Women Of The Channel: How To Beat The 'Imposter Syndrome' And Give Success Your Own Definition

The Imposter Trap

In an effort to break out of her comfort zone, Wendy Petty, executive director of global channel sales for Verizon Enterprise Solutions, hosted a keynote panel on how to avoid the trap of the dreaded "Imposter Syndrome" -- a feeling that causes accomplished, successful people to feel like they are frauds and are about to get "caught" not knowing what they are doing or how they even landed in the career position that they are in.

The panel included executives from a variety of industries, including fashion, toys and technology, and they all weighed in on their own "imposter" experiences and how they've managed the emotions by building up their own confidence and finding their value.

Here are tips and insight from the panel on how to avoid falling into the trap of feeling like you don't belong and go about claiming your value.

Acknowledging T he Problem

Karyn Schoenbart, CEO of The NPD Group, used to live in fear that everyone would find out she likes reading People Magazine, which would call into question whether she was really cut out for her job. That's until she learned that many others felt the exact same way -- the fear that their positions within their companies would be called into question, or that maybe on some level, they weren't quite good enough.

"It was liberating to learn that others felt this way," she said. "What I want to get to is how do we get over that, take the opportunities, and be more confident."

'Imposter Syndrome' Doesn't Only Plague Women

Ralph Schipani, CEO of Nine West Holdings, had never heard of the "Imposter Syndrome," but after learning what it meant realized he was afflicted too. Schipani has held a number of positions across several industries, including printing, chemicals and food. When he was asked to become the interim CEO of fashion company Nine West, Schipani said that he immediately felt like he didn't have the credibility, experience or wherewithal to pull it off.

"Even after acting as CEO of a $1.8 billion company for three years and proving to people I can do it, I'm still sitting here thinking, 'Are you sure?'" he told the audience. "It's important to identify the fact that men feel that way, too."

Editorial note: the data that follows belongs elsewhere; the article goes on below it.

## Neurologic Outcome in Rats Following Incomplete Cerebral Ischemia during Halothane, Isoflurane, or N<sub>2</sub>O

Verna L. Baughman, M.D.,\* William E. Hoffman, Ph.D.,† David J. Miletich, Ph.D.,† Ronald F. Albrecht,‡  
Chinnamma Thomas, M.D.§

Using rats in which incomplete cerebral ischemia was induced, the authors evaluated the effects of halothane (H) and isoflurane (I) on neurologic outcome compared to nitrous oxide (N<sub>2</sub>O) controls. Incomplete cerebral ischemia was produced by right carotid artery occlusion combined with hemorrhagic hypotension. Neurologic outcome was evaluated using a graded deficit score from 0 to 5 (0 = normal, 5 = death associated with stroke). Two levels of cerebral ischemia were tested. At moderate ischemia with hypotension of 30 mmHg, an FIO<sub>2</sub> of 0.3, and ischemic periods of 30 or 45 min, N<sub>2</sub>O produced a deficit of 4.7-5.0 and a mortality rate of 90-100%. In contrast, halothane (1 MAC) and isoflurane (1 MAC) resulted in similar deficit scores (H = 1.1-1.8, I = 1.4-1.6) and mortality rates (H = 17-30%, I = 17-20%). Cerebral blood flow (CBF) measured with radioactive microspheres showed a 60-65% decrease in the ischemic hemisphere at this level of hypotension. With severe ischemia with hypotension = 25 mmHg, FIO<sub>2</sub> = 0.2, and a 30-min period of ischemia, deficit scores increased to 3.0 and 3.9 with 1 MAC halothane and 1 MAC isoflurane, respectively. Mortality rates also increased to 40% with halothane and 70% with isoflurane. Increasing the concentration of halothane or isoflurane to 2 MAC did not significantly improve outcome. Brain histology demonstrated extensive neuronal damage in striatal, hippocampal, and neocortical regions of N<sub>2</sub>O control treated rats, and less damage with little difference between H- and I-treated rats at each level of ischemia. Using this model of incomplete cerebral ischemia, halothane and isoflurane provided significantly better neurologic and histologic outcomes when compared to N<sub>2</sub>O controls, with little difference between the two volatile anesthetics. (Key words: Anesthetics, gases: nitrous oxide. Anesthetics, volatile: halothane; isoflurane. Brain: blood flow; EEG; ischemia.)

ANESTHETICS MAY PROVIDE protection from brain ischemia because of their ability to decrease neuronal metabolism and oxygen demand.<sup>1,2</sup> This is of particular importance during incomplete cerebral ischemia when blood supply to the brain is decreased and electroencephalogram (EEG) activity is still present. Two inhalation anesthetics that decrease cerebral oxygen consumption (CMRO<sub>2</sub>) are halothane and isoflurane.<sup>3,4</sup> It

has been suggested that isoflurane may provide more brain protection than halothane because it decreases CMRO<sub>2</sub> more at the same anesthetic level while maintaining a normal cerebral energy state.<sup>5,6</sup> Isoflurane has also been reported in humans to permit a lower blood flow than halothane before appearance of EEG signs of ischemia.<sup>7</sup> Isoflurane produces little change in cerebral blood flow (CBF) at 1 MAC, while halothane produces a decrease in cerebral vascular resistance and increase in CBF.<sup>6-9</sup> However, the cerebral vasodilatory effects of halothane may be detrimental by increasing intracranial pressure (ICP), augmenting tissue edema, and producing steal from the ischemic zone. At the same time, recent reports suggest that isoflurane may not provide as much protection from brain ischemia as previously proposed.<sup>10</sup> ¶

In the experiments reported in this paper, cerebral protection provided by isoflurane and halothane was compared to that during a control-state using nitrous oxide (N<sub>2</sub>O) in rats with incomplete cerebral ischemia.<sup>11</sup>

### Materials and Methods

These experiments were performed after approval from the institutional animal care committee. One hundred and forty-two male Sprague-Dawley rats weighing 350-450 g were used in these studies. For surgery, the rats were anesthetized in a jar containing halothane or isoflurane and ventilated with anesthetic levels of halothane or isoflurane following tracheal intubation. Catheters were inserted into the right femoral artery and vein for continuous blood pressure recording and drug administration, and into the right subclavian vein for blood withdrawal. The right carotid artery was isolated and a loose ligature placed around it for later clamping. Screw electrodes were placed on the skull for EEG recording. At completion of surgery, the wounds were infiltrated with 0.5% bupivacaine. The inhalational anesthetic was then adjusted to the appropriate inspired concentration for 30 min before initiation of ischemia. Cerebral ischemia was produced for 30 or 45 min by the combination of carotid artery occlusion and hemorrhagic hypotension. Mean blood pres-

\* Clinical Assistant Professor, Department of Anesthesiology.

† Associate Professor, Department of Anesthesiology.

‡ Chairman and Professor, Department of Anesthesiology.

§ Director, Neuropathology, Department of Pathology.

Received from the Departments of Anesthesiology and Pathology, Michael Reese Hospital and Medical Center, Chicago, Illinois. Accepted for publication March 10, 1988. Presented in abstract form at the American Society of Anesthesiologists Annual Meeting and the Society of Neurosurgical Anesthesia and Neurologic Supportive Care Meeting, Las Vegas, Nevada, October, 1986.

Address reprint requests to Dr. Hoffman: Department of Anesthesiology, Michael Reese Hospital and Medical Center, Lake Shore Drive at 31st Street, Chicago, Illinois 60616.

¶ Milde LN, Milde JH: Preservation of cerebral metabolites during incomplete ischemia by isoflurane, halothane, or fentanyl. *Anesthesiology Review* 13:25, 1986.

What has helped Schipani overcome the feeling of being thought of as an imposter is finding mentors along the way he can confide in about these feelings and who can reassure him that he is doing the things that he thinks he can't. "Those people are one of the main reasons I'm here today," he said.

Stretch Opportunities

Katy Giffault, vice president of global consumer insights for Hasbro, also has held a number of positions across diverse industries, but she's never experienced the "Imposter Syndrome." That's because she realized that her work experiences, which have varied greatly, would all be new to her in the beginning.

"I went from the wireless industry, to aerospace, to toys, so my experience has always been unique," she explained.

Giffault encouraged the audience to go after "stretch opportunities" in industries that may be foreign to them. Having a diversity mind-set is important in overcoming any imposter feelings, she said. At the same time, having a small group of trusted people that can help you rehearse for a new role or even run new ideas by is also critical.

"Ask for help, but then pay it forward and act as a mentor for someone else," she said.

The Definition O f Success Varies For A Reason

Feeling like a fraud, or questioning whether you're cut out for a certain job, can be remedied, according to Ivy Solowiejczyk, vice president, telecommunications, media and entertainment for IBM. First, from not trying to be someone you're not, and second, by giving success your own definition -- not someone else's definition.

One size does not fit all as it relates to success, she said. "The definition of success is different to everyone, and that's a good thing. We have to learn that’s OK and not try to follow in someone else's path of success."

Solowiejczyk has three children -- her other full-time job -- and throughout her career, success has meant different things, she shared. Because of her family, maintaining a work/life balance is part of her current definition. Being yourself and building your own brand, whether it’s a conscious effort or not, helps to distinguish and set you apart from the pack, she said.

Beating The 'Imposter Syndrome'

The NPD Group's Schoenbart closed the panel with tips on how to overcome -- or even avoid in the first place -- feeling like a fraud. First, work hard. She told attendees that focusing on the strengths that are authentic to you will help put you in a mind-set to find the job you love, which makes working hard easy.

Second, stop comparing yourself to others, Schoenbart added. "We are all unique, and that's what makes people want to have relationships with you."

Third, setting goals and keeping track of your accomplishments is critical. These steps will help you stay on track with where you want to be within your career, but keeping a list of things you've done well will also help in moments of doubt, she said.